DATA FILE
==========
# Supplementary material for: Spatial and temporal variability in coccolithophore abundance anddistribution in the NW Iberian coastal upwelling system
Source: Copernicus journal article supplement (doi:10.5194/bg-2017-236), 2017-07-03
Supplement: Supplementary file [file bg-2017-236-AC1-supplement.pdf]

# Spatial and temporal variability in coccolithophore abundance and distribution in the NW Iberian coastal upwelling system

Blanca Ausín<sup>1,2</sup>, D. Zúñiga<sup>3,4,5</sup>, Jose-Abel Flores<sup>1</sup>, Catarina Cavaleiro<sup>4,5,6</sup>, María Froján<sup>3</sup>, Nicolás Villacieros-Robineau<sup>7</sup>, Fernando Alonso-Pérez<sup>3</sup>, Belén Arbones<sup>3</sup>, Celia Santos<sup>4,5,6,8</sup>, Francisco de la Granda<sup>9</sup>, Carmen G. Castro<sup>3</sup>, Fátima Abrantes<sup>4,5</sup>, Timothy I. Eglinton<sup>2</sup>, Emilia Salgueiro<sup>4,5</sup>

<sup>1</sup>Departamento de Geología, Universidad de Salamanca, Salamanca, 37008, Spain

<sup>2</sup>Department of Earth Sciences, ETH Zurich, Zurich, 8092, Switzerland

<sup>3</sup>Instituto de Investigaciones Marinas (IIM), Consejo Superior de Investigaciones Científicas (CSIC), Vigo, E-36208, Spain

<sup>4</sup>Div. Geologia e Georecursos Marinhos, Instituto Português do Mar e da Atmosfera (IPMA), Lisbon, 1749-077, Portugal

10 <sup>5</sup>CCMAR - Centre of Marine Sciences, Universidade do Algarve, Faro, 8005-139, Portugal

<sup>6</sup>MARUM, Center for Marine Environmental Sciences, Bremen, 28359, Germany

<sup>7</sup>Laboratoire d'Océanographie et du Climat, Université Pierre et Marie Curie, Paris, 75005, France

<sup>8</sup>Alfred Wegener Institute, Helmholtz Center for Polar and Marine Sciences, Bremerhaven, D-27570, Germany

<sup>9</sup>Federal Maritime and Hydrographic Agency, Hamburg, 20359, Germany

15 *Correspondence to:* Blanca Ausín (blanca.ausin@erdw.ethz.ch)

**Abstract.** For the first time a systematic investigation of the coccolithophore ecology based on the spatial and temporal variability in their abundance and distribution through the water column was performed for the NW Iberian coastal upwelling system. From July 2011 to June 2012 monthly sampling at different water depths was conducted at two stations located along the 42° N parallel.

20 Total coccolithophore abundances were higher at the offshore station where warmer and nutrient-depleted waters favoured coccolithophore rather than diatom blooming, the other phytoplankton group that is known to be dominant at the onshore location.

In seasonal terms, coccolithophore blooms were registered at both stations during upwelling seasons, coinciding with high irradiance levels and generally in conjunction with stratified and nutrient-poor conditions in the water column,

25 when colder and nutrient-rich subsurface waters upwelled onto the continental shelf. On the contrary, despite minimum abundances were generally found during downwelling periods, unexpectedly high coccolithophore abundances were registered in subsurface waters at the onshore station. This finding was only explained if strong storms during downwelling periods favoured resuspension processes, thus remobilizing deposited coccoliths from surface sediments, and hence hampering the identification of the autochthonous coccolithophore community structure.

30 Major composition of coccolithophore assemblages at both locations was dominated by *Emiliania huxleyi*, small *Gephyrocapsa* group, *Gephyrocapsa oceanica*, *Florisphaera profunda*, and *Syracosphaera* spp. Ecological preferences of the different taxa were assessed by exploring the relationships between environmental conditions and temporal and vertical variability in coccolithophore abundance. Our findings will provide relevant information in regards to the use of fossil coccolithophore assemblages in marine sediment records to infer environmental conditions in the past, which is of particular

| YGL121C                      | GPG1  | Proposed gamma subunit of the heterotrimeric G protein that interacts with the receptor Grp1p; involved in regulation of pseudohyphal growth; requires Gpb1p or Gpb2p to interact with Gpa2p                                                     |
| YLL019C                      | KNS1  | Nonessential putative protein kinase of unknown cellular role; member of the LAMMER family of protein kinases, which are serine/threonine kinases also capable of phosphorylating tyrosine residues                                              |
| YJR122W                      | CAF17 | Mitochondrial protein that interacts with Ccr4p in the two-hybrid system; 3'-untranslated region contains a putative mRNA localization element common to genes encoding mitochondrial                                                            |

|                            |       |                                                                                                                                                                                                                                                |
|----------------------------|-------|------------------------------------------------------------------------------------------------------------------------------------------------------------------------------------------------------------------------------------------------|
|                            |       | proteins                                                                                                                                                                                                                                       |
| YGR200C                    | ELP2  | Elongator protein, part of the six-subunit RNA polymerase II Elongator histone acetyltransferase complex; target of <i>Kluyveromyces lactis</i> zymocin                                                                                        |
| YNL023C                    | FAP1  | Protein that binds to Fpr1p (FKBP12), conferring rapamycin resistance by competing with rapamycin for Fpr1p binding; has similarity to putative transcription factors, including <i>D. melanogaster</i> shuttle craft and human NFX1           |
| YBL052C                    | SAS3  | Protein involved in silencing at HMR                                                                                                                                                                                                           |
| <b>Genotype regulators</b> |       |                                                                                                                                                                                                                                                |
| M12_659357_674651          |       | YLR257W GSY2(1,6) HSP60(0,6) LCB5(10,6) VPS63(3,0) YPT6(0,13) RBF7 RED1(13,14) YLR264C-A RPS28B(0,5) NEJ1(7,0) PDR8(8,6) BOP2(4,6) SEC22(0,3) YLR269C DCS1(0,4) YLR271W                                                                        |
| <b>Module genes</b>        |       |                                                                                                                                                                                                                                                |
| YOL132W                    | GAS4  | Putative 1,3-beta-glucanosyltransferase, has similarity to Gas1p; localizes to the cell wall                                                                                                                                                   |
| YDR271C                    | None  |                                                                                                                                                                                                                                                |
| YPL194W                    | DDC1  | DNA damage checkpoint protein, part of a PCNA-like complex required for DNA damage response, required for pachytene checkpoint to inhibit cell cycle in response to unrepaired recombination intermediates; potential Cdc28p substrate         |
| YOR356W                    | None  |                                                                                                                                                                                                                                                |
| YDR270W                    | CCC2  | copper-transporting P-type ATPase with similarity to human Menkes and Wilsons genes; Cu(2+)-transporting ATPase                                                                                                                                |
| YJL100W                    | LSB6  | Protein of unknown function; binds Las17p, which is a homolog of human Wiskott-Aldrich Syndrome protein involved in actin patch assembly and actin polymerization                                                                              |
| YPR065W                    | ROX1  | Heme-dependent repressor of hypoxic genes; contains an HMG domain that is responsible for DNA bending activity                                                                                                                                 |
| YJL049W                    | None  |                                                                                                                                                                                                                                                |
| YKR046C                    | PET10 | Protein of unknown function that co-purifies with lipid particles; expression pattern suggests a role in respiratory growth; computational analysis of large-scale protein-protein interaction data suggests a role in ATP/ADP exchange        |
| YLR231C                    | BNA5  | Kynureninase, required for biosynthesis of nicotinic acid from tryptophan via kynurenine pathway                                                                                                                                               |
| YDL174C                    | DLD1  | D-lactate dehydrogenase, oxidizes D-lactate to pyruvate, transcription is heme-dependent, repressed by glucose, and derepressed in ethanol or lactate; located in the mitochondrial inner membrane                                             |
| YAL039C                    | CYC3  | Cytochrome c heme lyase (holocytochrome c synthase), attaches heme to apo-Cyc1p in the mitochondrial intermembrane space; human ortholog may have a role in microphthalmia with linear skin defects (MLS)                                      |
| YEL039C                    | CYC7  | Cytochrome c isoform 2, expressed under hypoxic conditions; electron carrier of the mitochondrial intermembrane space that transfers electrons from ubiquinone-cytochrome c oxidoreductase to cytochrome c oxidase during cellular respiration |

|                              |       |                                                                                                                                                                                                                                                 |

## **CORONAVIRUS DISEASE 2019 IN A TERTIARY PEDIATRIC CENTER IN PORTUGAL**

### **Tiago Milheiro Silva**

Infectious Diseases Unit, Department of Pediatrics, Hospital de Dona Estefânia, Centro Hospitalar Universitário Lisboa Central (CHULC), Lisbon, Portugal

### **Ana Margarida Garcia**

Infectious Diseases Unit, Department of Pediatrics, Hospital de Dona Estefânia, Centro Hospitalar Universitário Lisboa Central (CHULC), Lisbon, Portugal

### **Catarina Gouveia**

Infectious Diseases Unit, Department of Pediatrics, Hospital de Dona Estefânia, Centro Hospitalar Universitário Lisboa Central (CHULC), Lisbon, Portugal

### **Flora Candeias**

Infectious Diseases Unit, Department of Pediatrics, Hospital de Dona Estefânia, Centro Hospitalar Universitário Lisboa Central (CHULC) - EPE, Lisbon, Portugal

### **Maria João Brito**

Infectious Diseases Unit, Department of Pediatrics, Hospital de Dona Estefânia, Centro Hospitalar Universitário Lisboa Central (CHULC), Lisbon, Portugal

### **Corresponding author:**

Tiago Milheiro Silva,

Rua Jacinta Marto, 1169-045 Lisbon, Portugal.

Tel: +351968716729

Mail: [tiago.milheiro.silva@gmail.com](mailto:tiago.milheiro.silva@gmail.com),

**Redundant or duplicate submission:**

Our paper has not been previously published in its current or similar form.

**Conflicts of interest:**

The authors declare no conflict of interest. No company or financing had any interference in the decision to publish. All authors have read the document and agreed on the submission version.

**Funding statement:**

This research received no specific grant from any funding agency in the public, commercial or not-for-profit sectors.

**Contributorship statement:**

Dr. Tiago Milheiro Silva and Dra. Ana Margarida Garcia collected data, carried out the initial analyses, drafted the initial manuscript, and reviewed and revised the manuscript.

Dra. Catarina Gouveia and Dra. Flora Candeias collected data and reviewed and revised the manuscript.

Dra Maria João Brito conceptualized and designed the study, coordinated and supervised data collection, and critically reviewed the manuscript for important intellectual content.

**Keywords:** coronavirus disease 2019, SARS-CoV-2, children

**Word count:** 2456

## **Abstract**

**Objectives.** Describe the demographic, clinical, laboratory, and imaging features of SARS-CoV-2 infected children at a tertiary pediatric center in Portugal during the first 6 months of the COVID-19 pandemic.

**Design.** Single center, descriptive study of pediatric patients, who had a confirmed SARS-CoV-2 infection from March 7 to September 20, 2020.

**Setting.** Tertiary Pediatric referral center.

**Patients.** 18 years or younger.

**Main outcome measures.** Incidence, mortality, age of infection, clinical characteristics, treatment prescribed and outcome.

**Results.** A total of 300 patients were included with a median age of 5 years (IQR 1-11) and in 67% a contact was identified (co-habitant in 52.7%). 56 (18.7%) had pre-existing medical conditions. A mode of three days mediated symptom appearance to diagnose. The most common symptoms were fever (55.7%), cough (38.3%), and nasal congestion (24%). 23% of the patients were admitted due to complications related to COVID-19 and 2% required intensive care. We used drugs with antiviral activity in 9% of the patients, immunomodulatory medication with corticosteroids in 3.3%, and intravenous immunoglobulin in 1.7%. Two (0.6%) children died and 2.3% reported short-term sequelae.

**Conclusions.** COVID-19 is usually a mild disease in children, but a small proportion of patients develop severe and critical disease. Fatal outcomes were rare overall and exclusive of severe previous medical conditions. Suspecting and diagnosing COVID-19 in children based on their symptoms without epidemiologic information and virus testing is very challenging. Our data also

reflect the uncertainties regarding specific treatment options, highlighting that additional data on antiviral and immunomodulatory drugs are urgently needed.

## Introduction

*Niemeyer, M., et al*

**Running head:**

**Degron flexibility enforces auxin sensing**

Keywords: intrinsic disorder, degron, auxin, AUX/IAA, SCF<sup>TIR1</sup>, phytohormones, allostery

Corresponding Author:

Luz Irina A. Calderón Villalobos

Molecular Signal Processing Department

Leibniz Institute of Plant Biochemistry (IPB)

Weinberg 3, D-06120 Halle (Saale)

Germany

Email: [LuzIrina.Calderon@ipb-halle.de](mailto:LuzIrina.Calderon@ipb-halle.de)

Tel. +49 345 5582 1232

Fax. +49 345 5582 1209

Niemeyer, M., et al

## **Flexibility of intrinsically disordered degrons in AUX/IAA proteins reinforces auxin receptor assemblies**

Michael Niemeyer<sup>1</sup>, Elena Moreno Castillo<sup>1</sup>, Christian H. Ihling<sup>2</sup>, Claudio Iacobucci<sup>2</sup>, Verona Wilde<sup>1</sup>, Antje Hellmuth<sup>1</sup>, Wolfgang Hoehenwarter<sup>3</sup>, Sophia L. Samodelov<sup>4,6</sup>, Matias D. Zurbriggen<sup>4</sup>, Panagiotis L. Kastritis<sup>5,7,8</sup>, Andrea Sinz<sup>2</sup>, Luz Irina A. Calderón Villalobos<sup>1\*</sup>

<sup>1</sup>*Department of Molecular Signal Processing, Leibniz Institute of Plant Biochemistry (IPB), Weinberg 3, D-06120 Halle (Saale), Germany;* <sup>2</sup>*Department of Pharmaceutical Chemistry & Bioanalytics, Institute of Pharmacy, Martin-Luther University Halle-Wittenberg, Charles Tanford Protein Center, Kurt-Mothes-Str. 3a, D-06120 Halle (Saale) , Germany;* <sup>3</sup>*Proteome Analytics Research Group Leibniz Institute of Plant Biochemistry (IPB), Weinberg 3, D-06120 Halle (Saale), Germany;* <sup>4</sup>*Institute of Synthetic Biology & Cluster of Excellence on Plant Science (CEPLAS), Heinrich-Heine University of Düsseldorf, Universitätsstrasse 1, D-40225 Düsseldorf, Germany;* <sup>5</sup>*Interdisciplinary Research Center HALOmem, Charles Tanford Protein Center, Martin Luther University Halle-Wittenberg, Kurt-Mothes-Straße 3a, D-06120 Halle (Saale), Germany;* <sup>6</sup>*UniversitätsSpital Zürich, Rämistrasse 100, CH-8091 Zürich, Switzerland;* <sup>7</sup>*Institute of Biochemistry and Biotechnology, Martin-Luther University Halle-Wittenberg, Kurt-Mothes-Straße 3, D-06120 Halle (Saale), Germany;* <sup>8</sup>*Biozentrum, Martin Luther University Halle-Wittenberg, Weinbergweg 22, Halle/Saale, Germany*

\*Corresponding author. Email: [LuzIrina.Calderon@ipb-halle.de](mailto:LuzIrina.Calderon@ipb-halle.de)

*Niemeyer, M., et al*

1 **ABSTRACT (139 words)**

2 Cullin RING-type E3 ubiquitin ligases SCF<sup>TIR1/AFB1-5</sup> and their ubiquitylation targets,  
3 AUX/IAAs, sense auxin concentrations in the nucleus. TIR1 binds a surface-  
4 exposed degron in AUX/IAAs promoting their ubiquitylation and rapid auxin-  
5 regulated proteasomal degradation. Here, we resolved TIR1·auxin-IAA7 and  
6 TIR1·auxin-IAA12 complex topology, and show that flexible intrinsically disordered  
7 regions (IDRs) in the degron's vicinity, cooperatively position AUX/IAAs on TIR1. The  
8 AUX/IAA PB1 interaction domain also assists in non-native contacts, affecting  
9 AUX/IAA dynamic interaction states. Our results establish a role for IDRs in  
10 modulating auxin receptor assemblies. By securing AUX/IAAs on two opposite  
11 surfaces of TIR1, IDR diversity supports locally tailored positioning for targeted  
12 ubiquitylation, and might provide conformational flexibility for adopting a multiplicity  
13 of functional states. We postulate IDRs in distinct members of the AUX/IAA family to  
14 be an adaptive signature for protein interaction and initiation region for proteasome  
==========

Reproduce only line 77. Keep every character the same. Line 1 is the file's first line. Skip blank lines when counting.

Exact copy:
**Design.** Single center, descriptive study of pediatric patients, who had a confirmed SARS-CoV-2 infection from March 7 to September 20, 2020.